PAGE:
Conway v. The Cutler Group, Inc., 2012 Pa. Super 242, 2012 Pa. Super. LEXIS 3480 (2012)
|Frank Kosir, Jr., Esquire|
This matter addressed the issue of whether a second hand purchaser of a residential structure can assert a claim against the builder of that structure for breach of the implied warranty of habitability.
In 2003, the Cutler Group, Inc. (“Builder”) constructed a home (“Home”) in Jamison Township, Bucks County, Pennsylvania for David and Holly Fields (“Fields”). The Fields resided in the Home for approximately three (3) years, then sold it to Michael and Deborah Conway (“Conways”) in June of 2006. In 2008, the Conways began to notice certain water infiltration issues with the Home, and retained the services of an engineer to determine the cause of the infiltration. The engineer performed a thorough inspection of the Home, found that the infiltration was the result of numerous construction defects including, inter alia, a lack of expansion or control joints, insufficiently sealed expansion joints, and improperly installed stucco, and concluded that the best long term solution to the issue would be to strip and replace the entire exterior of the Home.
Following their receipt of the engineer’s report, the Conways commenced a civil action against the Builder in the Bucks County Court of Common Pleas by filing a one-count Complaint sounding in breach of the implied warranty of habitability, In response, the Builder filed Preliminary Objections asserting that, as the implied warranty of habitability extends only from the builder to the initial arms length purchaser, the Conways could not assert a cause of action against the Builder. The Builder further asserted that, even if the Conways could bring a suit under the implied warranty of habitability, their complaint failed to plead that any of the alleged defects rendered the Home unfit to reside in. After oral argument, the trial court issued an order sustaining the Builder’s Preliminary Objections, and dismissing the Conways’ Complaint with prejudice.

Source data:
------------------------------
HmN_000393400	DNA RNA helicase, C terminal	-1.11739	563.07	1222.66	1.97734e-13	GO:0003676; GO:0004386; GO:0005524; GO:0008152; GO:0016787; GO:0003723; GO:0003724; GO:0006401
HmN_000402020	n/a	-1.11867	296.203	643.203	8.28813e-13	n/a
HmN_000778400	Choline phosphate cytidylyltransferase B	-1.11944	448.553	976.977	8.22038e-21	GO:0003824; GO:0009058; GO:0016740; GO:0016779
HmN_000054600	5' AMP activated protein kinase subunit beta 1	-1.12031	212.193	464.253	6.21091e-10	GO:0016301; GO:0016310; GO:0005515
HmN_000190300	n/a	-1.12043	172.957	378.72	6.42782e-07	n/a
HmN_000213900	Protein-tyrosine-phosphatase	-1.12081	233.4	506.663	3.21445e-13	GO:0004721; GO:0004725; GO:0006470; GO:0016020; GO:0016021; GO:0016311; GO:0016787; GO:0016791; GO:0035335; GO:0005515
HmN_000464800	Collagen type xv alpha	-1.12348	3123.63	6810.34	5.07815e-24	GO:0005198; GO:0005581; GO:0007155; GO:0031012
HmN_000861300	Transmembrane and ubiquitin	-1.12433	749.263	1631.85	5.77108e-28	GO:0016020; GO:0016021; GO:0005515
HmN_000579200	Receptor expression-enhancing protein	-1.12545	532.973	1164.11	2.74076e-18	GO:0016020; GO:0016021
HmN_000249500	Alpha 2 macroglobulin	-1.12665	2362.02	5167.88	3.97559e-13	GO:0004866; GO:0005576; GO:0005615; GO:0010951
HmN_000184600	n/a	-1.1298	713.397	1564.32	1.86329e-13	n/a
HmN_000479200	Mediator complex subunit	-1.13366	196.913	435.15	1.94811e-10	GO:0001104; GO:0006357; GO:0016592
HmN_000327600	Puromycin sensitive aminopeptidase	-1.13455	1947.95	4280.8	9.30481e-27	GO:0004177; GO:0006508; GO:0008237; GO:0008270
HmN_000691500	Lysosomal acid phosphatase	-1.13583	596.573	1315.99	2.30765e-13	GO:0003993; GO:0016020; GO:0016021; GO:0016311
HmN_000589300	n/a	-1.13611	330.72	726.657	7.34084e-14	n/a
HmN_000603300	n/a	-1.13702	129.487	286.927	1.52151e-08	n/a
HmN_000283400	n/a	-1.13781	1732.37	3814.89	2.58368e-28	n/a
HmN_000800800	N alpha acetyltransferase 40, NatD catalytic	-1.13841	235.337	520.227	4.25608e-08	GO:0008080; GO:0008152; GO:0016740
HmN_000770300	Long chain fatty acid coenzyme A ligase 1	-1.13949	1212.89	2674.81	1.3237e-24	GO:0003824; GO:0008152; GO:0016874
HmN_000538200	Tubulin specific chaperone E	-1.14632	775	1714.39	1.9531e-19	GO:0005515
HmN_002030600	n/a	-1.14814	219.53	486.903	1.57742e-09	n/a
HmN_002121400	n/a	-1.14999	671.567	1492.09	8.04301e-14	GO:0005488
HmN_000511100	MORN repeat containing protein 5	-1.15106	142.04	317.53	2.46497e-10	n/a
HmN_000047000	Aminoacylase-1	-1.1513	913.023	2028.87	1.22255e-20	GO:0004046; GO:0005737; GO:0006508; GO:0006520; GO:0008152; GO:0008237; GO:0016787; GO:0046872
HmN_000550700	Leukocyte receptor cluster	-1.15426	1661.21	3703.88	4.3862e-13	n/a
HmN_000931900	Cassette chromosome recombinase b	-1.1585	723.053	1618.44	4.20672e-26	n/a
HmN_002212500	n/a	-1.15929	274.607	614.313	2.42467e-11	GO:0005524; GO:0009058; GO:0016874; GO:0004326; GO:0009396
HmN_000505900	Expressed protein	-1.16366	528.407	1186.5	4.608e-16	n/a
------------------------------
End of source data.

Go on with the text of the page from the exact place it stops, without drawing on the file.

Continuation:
On appeal, our Superior Court reversed. In a issuing its ruling, the court pointed out that Pennsylvania appellate courts have never before been asked to rule on the issue of whether the implied warranty of habitability extends to second hand purchasers of a residential structure. As such, the court looked to the purpose of the implied warranty of habitability and noted that such purpose was grounded not in contract, but in public policy, and was designed to assure that home purchasers were protected from unscrupulous building practices. Specifically, as a home builder is viewed as having the expertise necessary to construct a residential dwelling, a party that purchases a newly constructed home from that builder justifiably relies on the builder’s skills and expertise to produce a home that is suitable for habitation. Similarly, a subsequent purchaser of that home also relies upon that Builder’s skills and expertise as, due to its lack of construction knowledge, the initial purchaser is in no position to warrant the suitability of the home for habitation. In effect, in conveying title to the initial purchaser, the builder is certifying that the home will be suitable for habitation, regardless of the number of times that title is transferred and, given the fact that the implied warranty of habitability addresses defects that are not readily apparent to a purchaser through an inspection of the home, public policy requires that the protections of the warranty also inure to the benefit of subsequent purchasers. The court further noted that its opinion would not result in endless liability for builders as, even though the protections of the implied warranty of habitability pass to subsequent purchasers, any such purchasers asserting claims still have the burden of establishing the existence of a latent defect, and all such claims must still satisfy the statue of repose (42 P.S. §5536(a)) which requires that such claims be brought within twelve (12) years of the completion of construction.